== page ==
When you’re in a romantic relationship and both of you are landscape photographers, it’s easy to make any travels central to photography. But should you? In the final episode of this series, four couples give their best advice on juggling photography and a romance like a pro. But first, here's how these couples handle their holidays.
As in any romantic relationship, photography couples too get to know each other better over time. You gradually learn to both adapt and thrive when you manage a photography business together. In this series, I explore the benefits to shooting and running a photography business together with your better half. Last week I introduced four astounding landscape photography couples. This week, I asked them how their past prepared them for the future of photography.
So how do you balance a romantic relationship with a life that revolves around photography? In this series, I explore the benefits to shooting and running a photography business together with your better half. Of course we'll tackle the common pitfalls and find out how you can shape the perfect photography holiday. Let's start by introducing the eight amazing creatives in landscape photography who will make you want to buy your romance a camera for Christmas.
So how do you make that mountain appear as large to the viewer as it does to you? How do you get rid of noise in your nightscape images? And how can you get everything in perfect focus, front to back? This might as well be titled “5 Things you can’t do in one shot,” since each technique in this essay relies heavily on layering multiple exposures of a given landscape scene. I’ll show you the techniques I often use to translate my vision to the image. Let’s go.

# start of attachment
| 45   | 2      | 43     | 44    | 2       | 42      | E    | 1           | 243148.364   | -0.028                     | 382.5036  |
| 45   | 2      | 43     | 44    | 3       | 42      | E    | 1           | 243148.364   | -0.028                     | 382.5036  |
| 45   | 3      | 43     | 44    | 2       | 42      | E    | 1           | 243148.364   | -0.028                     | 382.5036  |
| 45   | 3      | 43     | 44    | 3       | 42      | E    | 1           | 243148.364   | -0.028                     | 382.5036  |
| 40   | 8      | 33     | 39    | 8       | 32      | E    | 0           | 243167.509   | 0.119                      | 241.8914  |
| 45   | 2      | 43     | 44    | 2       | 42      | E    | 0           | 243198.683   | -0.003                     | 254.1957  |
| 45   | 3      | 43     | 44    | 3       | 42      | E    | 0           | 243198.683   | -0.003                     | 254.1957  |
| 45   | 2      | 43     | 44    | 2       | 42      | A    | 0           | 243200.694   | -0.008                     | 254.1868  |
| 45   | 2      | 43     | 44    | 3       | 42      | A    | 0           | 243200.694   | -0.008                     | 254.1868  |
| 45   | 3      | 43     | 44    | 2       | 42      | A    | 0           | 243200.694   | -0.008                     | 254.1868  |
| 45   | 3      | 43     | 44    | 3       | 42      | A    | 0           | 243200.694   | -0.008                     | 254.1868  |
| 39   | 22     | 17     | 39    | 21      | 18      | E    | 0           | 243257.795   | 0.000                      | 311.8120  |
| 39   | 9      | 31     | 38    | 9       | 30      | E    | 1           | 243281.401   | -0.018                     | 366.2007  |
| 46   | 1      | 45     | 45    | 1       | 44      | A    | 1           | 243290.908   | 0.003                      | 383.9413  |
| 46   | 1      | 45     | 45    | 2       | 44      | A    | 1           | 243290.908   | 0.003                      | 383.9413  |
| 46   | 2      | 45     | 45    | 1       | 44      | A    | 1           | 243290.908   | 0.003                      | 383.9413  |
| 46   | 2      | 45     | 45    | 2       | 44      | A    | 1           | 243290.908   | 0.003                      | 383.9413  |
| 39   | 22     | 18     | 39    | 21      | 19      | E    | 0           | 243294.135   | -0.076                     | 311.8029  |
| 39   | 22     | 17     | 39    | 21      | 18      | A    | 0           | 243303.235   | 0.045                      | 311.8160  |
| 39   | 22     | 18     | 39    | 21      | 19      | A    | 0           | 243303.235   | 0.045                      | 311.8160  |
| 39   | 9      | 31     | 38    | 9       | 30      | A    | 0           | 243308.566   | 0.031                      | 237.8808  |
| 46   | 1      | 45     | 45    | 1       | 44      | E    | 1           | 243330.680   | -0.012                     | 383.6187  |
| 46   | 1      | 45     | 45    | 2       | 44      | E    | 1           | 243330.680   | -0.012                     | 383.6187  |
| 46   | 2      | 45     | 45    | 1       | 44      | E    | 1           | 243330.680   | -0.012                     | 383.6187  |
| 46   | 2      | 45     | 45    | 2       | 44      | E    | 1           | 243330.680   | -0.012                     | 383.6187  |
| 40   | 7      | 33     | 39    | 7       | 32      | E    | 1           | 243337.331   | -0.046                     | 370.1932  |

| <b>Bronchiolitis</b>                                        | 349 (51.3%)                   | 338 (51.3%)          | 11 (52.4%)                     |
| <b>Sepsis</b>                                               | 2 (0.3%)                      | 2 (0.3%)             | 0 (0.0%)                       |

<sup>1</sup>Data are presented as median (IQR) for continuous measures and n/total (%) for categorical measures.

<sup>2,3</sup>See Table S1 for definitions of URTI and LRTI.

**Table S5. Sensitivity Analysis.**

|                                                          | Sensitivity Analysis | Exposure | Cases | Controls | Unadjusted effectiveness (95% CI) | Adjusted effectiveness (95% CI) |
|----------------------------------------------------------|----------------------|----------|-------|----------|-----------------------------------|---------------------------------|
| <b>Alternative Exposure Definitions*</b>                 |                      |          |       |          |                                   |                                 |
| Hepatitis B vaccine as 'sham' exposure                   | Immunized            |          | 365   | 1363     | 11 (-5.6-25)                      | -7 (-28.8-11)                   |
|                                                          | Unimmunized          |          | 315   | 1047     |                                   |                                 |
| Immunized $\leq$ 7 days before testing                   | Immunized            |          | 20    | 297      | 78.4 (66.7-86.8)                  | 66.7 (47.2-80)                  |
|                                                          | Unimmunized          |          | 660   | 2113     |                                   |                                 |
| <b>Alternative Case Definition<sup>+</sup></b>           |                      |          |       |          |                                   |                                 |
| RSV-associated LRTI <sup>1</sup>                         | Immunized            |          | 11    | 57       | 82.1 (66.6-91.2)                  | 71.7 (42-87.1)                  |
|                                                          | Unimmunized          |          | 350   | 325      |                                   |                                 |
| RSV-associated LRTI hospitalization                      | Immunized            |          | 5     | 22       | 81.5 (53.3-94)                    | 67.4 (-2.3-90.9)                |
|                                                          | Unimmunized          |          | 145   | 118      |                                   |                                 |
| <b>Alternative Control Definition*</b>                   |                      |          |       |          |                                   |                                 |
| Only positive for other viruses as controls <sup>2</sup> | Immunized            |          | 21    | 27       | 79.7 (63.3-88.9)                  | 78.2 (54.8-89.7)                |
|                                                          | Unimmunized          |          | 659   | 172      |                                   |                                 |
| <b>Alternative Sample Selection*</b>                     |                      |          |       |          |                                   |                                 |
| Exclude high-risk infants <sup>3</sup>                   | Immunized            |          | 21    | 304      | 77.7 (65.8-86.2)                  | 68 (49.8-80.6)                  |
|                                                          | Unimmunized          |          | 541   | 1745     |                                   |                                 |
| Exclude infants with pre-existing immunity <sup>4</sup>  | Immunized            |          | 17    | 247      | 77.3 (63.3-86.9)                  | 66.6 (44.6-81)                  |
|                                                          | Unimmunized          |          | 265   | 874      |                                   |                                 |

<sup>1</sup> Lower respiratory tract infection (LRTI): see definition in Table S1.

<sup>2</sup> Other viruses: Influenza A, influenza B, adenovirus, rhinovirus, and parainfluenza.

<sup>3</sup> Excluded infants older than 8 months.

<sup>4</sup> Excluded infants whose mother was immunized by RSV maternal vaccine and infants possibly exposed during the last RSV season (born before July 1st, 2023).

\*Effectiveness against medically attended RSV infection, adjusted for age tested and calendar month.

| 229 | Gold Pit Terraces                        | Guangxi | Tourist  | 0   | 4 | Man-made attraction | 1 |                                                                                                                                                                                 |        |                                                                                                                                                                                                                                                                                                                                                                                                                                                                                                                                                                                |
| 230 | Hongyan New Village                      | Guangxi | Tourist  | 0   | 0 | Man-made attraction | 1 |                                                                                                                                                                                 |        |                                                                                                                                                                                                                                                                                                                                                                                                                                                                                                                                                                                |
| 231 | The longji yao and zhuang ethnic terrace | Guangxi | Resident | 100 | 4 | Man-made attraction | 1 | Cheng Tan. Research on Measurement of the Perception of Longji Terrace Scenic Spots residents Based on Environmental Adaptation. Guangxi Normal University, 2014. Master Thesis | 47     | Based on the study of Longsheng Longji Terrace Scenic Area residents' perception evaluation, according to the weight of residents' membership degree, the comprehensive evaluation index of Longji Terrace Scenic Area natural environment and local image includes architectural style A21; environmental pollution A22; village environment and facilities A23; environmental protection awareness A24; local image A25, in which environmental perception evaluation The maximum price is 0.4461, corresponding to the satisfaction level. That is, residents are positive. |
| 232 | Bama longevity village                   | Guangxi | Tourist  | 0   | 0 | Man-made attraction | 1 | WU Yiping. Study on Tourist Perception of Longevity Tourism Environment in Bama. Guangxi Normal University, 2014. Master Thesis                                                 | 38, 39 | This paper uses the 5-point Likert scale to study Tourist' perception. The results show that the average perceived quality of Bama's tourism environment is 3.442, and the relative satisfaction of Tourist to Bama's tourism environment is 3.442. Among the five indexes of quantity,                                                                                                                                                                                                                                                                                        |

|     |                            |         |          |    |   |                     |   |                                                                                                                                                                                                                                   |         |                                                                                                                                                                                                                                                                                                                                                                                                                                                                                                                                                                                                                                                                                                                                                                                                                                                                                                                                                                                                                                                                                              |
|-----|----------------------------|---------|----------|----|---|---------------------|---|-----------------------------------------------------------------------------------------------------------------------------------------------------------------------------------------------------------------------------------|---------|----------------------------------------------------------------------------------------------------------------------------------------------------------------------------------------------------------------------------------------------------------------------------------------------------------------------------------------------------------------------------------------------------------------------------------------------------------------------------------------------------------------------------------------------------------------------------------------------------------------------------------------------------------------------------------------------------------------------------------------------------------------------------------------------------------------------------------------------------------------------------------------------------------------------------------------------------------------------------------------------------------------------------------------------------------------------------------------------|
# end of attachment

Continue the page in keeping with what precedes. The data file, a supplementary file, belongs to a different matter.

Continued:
Tis the season. Around the time of December, photography websites worldwide recap last year with their selection of the cream of the crop. To many photographers, National Geographic is a well-respected media platform to get your work selected and exposed. And now they have made their selection curated from 91 photographers, 107 stories, and 2,290,225 photographs.
Post-processing at the computer for hours on end often leaves me feeling nostalgic. Maybe there’s something tangible to film photography that I’m overlooking. After seeing a fellow landscape photographer working his 4x5 near a tree in the local dunes, his approach to our hobby had me contemplating my choice of hardware. There are so many analog-inspired pictures circling the web, that it’s obvious that I’m not the only one. Today, I want to share my thoughts on film photography with you.
As a professional photographer, you might be the go-to person for questions about the “best camera” of the moment. The camera is a tool right? Photographers are in charge of the best photo, not of the best camera. On top of that, every few months there’s a new contender, and it takes a lot of time to figure out which one has the highest resolution, the best color, the least amount of noise in low-light, or even the look and feel of a photograph… But as soon as you shoot in raw, half of that doesn’t matter anymore. Things are about to get subjective in this video. In this comparison, the guys from TheCameraStoreTV intend to find out what the best camera is for the budding photographer wanting to shoot in JPEG.
The rain washes heavily onto the window, and I’m sitting in the candle-lit windowsill with a pint of inky black ale and a good book. That book is Alexandre Deschaumes’ forthcoming “Voyage Éthéré” (Ethereal Journey); a collection of his work over the past years. Following the release of his Blu-Ray documentary, “La Quête d'Inspiration” (The Quest for Inspiration) by Mathieu le Lay, Alexandre looks to be on the path to becoming increasingly known for his work. And with good reason.